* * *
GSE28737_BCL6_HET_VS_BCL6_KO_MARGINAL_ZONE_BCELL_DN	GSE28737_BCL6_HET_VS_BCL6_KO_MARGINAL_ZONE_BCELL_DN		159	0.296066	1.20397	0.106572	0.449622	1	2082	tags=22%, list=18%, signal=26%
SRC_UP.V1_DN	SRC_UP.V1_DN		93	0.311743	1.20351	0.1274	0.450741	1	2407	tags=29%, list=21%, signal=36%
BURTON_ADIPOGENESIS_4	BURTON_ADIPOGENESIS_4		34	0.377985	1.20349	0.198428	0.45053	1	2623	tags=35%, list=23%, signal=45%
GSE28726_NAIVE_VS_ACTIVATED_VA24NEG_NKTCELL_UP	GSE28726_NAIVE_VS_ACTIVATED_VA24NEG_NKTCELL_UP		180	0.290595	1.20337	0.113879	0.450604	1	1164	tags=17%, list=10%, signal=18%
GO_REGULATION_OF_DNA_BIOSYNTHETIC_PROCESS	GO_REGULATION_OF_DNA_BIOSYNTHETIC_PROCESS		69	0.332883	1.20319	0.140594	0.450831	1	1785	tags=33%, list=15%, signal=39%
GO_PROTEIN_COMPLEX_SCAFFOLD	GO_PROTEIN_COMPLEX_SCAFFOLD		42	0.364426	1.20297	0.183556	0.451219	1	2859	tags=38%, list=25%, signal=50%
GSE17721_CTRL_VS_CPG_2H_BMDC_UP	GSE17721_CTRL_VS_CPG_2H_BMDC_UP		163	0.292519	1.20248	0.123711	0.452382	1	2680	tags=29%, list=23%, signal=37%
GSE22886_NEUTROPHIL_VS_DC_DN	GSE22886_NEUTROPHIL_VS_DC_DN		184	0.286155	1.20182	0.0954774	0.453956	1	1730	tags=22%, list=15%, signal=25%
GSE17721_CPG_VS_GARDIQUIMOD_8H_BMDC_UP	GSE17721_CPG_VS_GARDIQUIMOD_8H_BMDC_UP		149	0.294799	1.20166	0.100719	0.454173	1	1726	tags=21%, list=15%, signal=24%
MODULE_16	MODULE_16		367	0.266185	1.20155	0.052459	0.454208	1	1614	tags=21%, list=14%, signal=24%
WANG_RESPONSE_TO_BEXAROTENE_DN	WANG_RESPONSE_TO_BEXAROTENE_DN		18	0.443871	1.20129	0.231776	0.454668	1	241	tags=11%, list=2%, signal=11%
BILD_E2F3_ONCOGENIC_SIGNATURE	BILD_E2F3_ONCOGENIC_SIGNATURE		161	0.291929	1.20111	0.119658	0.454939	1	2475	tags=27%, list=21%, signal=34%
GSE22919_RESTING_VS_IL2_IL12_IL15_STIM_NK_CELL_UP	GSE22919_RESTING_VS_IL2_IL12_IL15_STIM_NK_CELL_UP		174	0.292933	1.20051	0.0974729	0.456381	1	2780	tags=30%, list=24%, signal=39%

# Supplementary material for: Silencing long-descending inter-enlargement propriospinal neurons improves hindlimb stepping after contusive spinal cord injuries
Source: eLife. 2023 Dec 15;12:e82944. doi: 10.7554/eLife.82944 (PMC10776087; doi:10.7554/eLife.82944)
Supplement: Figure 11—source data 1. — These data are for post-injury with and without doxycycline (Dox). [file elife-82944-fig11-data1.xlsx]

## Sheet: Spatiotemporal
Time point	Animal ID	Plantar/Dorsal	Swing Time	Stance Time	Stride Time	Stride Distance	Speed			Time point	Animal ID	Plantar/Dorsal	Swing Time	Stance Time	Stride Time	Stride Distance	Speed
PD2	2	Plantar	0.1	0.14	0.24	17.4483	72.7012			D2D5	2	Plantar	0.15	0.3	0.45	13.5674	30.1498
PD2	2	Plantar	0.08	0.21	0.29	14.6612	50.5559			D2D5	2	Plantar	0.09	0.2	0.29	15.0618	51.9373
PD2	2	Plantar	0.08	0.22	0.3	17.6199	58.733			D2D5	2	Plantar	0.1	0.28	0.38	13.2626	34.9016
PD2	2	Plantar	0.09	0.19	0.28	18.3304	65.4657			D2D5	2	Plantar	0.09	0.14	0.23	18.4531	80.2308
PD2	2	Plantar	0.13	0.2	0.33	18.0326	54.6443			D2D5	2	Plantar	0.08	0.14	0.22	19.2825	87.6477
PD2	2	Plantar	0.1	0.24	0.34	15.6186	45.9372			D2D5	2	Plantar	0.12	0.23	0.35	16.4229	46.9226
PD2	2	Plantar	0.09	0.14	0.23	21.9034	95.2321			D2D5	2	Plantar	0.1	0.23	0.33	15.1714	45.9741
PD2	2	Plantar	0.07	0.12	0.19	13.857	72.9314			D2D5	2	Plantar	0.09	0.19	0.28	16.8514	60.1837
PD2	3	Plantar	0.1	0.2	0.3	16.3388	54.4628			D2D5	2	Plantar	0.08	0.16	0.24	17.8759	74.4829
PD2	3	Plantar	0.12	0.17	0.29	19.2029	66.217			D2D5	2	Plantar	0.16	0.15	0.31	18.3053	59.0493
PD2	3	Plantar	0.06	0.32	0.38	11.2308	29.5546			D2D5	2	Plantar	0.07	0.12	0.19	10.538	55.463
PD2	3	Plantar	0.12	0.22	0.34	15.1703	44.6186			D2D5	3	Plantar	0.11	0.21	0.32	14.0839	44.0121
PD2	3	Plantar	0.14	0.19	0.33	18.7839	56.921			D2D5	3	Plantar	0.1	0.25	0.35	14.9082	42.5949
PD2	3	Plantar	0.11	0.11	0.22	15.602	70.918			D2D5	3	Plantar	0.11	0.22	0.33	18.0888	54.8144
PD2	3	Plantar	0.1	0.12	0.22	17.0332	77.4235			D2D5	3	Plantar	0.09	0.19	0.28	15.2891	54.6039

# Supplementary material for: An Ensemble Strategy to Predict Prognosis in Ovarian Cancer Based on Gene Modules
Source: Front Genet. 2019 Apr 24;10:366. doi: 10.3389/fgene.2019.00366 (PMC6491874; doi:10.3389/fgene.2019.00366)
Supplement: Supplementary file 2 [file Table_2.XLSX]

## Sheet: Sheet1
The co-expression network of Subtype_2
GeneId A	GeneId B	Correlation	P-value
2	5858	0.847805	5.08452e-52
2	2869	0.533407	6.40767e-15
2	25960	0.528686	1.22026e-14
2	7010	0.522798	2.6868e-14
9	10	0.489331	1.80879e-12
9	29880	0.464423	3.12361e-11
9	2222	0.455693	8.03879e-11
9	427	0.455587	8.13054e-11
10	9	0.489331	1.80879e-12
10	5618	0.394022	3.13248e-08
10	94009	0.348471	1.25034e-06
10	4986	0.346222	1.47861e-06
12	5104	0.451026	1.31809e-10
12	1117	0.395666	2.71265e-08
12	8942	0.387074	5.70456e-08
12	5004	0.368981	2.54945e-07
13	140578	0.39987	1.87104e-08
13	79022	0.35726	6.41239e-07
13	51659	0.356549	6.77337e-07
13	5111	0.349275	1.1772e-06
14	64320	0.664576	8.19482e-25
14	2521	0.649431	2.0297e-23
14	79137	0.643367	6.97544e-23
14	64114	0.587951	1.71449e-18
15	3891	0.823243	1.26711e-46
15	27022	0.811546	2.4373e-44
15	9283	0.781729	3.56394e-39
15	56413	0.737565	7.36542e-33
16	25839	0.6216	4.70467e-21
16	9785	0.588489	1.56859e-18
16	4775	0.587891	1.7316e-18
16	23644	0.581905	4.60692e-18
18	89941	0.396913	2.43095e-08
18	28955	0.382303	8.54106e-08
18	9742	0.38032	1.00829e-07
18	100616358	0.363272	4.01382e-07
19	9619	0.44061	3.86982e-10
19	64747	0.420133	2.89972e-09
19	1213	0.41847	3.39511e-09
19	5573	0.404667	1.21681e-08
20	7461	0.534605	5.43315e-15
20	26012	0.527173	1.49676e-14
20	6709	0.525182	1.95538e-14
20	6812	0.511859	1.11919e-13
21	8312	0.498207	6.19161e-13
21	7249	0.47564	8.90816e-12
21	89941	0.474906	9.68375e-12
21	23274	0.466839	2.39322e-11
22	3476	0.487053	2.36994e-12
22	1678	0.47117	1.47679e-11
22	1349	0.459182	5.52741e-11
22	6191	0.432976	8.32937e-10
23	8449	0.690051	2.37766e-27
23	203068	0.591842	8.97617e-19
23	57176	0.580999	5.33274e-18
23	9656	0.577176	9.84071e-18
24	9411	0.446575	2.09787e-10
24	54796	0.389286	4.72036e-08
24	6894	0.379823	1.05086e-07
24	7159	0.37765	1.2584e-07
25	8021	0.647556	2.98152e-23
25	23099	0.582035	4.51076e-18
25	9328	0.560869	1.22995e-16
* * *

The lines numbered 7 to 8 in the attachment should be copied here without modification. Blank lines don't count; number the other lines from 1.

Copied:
GSE17721_CTRL_VS_CPG_2H_BMDC_UP	GSE17721_CTRL_VS_CPG_2H_BMDC_UP		163	0.292519	1.20248	0.123711	0.452382	1	2680	tags=29%, list=23%, signal=37%
GSE22886_NEUTROPHIL_VS_DC_DN	GSE22886_NEUTROPHIL_VS_DC_DN		184	0.286155	1.20182	0.0954774	0.453956	1	1730	tags=22%, list=15%, signal=25%